I am letting your last comment pass, Ron, as it is an explanation to Glen ... but future corro re comments on kiwianglo should be made there.

Either way, each of you are getting close to, if not passing over the ad hominem line here ...

Father Ron Smith said...

Thank you, Peter. Understood!

Unknown said...

Hi Peter,
Apologies,will confess that my remarks were somewhat tounge in cheek.
The other posting which you draw attention to in your post on Lord Carey lays down a very good argument,even on this subject.

Father Ron Smith said...

"The CofE is a church, after all, with proprietary chapels, livings in the power of people or trusts who are not bishops and thus, potentially, is open to unique ecclesiastical arrangements!"
- Dr. Peter Carrell -

Yes, Peter, you are correct. The C.of E. in General Synod, has also approved of Clergy-Spouse Pensions for the surviving partner of a same-sex clergy relationship - thus affirming a generosity of spirit that would seem to exceed that of other canonical provisions or statement about Gay Clergy.

And; Glen, Yes. It must be admitted that the Primates of the GAFCON have the right to their own individual faith tenets - It's just that maybe they don't need to try to make other provincial Primates adhere to their own understandings of the "Faith, once delivered....etc." - thus claiming a 'superior orthodoxy' to the rest of us in the Anglican Communion.

I wonder how many GAFCON Primates will want to further distance themselves from the A.C. - on account of the Provinces of Canterbury & York now deciding to ordain women as Bishops in the Church of England?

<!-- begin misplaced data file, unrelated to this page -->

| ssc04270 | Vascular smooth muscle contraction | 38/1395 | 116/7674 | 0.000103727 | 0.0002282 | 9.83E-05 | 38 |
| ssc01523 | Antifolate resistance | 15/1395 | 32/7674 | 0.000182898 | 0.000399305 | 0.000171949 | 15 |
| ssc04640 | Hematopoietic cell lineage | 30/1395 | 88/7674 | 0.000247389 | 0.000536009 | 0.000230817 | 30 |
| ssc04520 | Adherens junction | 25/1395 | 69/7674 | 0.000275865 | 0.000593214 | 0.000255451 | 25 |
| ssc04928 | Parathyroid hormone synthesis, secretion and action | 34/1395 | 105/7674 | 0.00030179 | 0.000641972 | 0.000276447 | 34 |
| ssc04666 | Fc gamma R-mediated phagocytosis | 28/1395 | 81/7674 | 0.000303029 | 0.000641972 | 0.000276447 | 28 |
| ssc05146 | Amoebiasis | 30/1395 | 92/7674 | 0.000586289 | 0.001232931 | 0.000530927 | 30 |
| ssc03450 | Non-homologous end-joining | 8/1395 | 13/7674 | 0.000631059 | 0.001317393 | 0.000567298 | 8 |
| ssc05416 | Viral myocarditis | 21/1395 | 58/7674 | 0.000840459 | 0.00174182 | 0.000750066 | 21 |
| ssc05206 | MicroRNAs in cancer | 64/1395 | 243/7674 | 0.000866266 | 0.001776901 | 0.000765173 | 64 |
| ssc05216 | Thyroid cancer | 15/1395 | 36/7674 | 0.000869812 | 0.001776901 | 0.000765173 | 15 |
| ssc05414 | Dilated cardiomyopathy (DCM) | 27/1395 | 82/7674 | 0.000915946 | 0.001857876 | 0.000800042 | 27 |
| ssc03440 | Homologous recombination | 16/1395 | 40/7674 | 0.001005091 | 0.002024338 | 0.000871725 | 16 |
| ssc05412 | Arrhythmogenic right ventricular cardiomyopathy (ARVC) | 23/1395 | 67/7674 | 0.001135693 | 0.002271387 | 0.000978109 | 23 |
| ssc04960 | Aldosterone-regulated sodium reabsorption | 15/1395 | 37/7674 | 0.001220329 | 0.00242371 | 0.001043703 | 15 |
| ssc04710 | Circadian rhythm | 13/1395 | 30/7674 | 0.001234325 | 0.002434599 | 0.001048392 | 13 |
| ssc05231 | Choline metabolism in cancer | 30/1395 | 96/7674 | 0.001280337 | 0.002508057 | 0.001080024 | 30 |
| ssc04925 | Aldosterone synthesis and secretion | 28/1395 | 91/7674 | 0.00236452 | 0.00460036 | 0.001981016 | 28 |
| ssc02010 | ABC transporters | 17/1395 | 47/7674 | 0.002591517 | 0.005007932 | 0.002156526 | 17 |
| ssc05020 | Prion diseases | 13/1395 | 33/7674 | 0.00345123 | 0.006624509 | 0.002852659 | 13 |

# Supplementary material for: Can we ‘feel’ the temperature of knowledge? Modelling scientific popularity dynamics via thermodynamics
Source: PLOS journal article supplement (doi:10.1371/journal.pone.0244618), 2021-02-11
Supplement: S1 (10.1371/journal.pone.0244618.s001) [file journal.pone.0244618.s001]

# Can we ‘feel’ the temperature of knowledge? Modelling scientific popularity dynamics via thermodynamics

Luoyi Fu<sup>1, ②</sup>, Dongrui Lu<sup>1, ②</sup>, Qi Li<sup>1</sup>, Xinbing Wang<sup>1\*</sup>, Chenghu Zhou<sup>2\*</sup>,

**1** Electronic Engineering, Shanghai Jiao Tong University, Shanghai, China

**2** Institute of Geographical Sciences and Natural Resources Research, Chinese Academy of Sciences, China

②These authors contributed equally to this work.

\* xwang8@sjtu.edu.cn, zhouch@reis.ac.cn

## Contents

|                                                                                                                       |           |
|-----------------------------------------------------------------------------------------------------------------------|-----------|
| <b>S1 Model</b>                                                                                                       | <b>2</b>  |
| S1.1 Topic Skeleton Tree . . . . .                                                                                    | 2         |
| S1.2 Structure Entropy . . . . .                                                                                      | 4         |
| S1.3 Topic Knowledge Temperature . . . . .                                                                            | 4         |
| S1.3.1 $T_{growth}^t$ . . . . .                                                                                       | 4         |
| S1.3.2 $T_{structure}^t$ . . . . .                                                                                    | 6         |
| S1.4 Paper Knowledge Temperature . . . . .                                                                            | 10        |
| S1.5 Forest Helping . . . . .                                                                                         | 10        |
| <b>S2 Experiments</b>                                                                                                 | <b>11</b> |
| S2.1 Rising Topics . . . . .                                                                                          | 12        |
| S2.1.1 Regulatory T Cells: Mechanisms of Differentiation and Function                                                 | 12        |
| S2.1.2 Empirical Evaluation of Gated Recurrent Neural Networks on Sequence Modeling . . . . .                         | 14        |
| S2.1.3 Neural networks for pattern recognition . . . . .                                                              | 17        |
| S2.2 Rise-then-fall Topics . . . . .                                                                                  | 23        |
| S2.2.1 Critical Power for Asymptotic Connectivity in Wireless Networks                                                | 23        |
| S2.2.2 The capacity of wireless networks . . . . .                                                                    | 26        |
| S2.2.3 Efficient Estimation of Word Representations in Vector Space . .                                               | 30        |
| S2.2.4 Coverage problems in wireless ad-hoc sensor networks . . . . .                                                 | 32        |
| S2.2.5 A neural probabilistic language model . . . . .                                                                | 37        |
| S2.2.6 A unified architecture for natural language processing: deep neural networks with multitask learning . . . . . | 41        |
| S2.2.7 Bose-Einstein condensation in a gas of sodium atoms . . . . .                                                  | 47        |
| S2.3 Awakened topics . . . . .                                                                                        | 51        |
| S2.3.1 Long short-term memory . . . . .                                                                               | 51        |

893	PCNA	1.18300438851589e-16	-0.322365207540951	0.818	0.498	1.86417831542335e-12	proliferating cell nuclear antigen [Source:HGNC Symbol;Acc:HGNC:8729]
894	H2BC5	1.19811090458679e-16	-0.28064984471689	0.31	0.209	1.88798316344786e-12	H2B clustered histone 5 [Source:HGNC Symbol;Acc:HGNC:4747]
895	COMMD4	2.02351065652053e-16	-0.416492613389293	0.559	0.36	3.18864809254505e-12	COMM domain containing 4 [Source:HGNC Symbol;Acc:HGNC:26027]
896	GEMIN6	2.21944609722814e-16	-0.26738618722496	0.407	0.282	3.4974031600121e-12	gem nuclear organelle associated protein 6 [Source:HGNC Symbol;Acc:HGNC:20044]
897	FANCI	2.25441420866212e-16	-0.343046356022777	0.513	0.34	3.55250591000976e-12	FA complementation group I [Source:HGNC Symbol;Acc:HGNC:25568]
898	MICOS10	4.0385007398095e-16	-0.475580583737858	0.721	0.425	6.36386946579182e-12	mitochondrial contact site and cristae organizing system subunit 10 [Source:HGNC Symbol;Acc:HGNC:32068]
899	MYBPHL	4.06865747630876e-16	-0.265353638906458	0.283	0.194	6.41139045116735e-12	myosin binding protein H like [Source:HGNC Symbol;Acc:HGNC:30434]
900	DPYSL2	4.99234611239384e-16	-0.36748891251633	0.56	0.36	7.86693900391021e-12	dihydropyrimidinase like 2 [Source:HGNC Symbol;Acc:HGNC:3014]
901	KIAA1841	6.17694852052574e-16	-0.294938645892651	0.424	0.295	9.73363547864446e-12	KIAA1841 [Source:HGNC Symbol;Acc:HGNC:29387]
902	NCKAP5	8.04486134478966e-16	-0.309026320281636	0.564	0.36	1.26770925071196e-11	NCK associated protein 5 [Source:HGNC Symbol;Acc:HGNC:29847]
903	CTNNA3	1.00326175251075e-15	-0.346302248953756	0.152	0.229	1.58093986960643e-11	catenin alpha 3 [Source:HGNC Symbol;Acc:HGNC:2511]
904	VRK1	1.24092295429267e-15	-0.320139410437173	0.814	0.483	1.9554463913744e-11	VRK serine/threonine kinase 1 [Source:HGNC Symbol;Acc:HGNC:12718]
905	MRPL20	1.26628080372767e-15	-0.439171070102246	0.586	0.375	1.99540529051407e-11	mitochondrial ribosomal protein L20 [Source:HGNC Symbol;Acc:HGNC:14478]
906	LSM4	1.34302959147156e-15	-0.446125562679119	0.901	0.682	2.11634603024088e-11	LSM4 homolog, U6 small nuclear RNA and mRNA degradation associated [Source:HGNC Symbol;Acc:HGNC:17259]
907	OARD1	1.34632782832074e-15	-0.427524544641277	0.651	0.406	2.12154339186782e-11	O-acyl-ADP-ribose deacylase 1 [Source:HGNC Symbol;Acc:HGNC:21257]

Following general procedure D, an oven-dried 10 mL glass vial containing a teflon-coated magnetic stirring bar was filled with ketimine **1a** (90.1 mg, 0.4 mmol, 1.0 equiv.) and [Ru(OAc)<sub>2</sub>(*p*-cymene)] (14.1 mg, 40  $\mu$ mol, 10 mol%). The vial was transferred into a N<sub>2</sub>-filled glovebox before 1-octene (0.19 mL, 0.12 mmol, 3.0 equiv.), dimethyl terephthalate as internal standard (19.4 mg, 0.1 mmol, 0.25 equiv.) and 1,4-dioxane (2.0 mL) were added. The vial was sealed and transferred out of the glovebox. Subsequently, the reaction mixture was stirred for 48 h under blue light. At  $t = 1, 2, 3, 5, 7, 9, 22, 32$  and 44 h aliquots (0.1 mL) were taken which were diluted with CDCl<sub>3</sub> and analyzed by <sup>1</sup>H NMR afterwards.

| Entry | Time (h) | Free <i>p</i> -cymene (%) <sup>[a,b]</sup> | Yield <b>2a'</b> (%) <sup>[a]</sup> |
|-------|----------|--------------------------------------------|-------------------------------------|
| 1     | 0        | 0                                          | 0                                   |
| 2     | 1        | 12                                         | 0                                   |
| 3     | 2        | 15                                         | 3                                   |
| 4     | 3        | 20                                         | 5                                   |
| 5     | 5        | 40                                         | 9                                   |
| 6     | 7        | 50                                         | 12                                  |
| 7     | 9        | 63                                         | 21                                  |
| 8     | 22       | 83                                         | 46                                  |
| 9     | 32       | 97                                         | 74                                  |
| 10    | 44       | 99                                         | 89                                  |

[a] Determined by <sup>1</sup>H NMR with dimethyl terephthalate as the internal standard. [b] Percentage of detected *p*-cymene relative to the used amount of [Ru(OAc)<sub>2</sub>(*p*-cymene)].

Unknown said...

Quite simply,neither the Church nor Her Doctrine belongs to man, (not even the Bishops);but to the
Eternal Christ,crucified and resurrected,whose 'body'is the Church.
It was not the GAFCON Primates who started this whole fiasco;but the liberal thinkers? who did not
maintain the 'Faith of the Apostles'
His Majesty's Declaration, at the introduction to the Thirty Nine Articles Of Faith states quite clearly where the Church stood in regards to 'innovations of faith'.
The GAFCON Primares are sounding the trumpet call of Ez.33 and 1 Cor.14:8.
I do not care if anyone wants to
mock my faith say that my thinking is locked into past gone age;but it is where I am im my relationship to Christ,my Saviour.
Those provinces of the Anglican Communion who wish to move outside of the 'Faith of The One, Holy,Catholic and Apostolic Church'have every right to do so;
but they can no longer claim to be pary of that Faith.Nor can they
claim the assets which were collected under that Faith.This is the Anglicans are winning the day in South Carolina and Texas.

Eric said...